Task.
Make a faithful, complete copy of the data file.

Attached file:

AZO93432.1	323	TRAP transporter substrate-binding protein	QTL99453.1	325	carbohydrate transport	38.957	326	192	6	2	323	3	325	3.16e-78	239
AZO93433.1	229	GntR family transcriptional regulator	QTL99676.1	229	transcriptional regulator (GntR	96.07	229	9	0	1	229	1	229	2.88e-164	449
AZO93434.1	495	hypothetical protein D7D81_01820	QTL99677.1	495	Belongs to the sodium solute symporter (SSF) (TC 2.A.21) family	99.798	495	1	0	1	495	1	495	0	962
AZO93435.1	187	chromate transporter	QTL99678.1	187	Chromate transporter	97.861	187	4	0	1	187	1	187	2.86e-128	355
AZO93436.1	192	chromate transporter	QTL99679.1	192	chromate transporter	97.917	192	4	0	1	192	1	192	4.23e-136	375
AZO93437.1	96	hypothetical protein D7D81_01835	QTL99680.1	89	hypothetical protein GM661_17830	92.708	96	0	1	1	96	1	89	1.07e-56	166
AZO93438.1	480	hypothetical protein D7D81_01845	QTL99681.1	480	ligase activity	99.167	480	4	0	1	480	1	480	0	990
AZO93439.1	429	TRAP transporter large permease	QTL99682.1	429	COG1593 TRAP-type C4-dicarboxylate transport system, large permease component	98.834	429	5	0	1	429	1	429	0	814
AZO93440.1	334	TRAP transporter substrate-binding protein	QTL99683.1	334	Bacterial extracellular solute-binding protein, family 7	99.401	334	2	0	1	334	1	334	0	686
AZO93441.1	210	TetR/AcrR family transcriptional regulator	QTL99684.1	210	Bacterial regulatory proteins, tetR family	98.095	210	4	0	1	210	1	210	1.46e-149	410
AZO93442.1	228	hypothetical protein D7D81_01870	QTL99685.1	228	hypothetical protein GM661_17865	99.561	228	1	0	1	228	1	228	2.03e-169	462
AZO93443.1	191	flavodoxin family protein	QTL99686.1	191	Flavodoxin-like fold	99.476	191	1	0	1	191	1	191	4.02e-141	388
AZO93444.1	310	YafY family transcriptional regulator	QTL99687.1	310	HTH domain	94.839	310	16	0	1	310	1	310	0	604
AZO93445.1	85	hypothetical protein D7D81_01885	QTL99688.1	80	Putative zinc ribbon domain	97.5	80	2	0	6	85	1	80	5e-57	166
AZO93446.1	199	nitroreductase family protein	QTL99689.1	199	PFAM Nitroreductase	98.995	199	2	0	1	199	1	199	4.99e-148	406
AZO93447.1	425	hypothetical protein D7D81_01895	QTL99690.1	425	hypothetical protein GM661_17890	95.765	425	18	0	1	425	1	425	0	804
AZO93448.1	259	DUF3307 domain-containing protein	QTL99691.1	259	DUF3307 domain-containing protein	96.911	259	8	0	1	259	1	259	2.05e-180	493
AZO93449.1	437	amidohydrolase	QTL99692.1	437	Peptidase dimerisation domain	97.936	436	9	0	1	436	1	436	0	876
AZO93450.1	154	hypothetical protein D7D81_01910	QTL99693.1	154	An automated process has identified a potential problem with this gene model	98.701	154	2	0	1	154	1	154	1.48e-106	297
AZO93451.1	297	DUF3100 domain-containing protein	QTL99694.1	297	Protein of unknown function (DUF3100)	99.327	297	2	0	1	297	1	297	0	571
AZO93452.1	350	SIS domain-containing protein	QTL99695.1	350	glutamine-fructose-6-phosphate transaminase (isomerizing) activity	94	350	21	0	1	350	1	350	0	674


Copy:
AZO93432.1	323	TRAP transporter substrate-binding protein	QTL99453.1	325	carbohydrate transport	38.957	326	192	6	2	323	3	325	3.16e-78	239
AZO93433.1	229	GntR family transcriptional regulator	QTL99676.1	229	transcriptional regulator (GntR	96.07	229	9	0	1	229	1	229	2.88e-164	449
AZO93434.1	495	hypothetical protein D7D81_01820	QTL99677.1	495	Belongs to the sodium solute symporter (SSF) (TC 2.A.21) family	99.798	495	1	0	1	495	1	495	0	962
AZO93435.1	187	chromate transporter	QTL99678.1	187	Chromate transporter	97.861	187	4	0	1	187	1	187	2.86e-128	355
AZO93436.1	192	chromate transporter	QTL99679.1	192	chromate transporter	97.917	192	4	0	1	192	1	192	4.23e-136	375
AZO93437.1	96	hypothetical protein D7D81_01835	QTL99680.1	89	hypothetical protein GM661_17830	92.708	96	0	1	1	96	1	89	1.07e-56	166
AZO93438.1	480	hypothetical protein D7D81_01845	QTL99681.1	480	ligase activity	99.167	480	4	0	1	480	1	480	0	990
AZO93439.1	429	TRAP transporter large permease	QTL99682.1	429	COG1593 TRAP-type C4-dicarboxylate transport system, large permease component	98.834	429	5	0	1	429	1	429	0	814
AZO93440.1	334	TRAP transporter substrate-binding protein	QTL99683.1	334	Bacterial extracellular solute-binding protein, family 7	99.401	334	2	0	1	334	1	334	0	686
AZO93441.1	210	TetR/AcrR family transcriptional regulator	QTL99684.1	210	Bacterial regulatory proteins, tetR family	98.095	210	4	0	1	210	1	210	1.46e-149	410
AZO93442.1	228	hypothetical protein D7D81_01870	QTL99685.1	228	hypothetical protein GM661_17865	99.561	228	1	0	1	228	1	228	2.03e-169	462
AZO93443.1	191	flavodoxin family protein	QTL99686.1	191	Flavodoxin-like fold	99.476	191	1	0	1	191	1	191	4.02e-141	388
AZO93444.1	310	YafY family transcriptional regulator	QTL99687.1	310	HTH domain	94.839	310	16	0	1	310	1	310	0	604
AZO93445.1	85	hypothetical protein D7D81_01885	QTL99688.1	80	Putative zinc ribbon domain	97.5	80	2	0	6	85	1	80	5e-57	166
AZO93446.1	199	nitroreductase family protein	QTL99689.1	199	PFAM Nitroreductase	98.995	199	2	0	1	199	1	199	4.99e-148	406
AZO93447.1	425	hypothetical protein D7D81_01895	QTL99690.1	425	hypothetical protein GM661_17890	95.765	425	18	0	1	425	1	425	0	804
AZO93448.1	259	DUF3307 domain-containing protein	QTL99691.1	259	DUF3307 domain-containing protein	96.911	259	8	0	1	259	1	259	2.05e-180	493
AZO93449.1	437	amidohydrolase	QTL99692.1	437	Peptidase dimerisation domain	97.936	436	9	0	1	436	1	436	0	876
AZO93450.1	154	hypothetical protein D7D81_01910	QTL99693.1	154	An automated process has identified a potential problem with this gene model	98.701	154	2	0	1	154	1	154	1.48e-106	297
AZO93451.1	297	DUF3100 domain-containing protein	QTL99694.1	297	Protein of unknown function (DUF3100)	99.327	297	2	0	1	297	1	297	0	571
AZO93452.1	350	SIS domain-containing protein	QTL99695.1	350	glutamine-fructose-6-phosphate transaminase (isomerizing) activity	94	350	21	0	1	350	1	350	0	674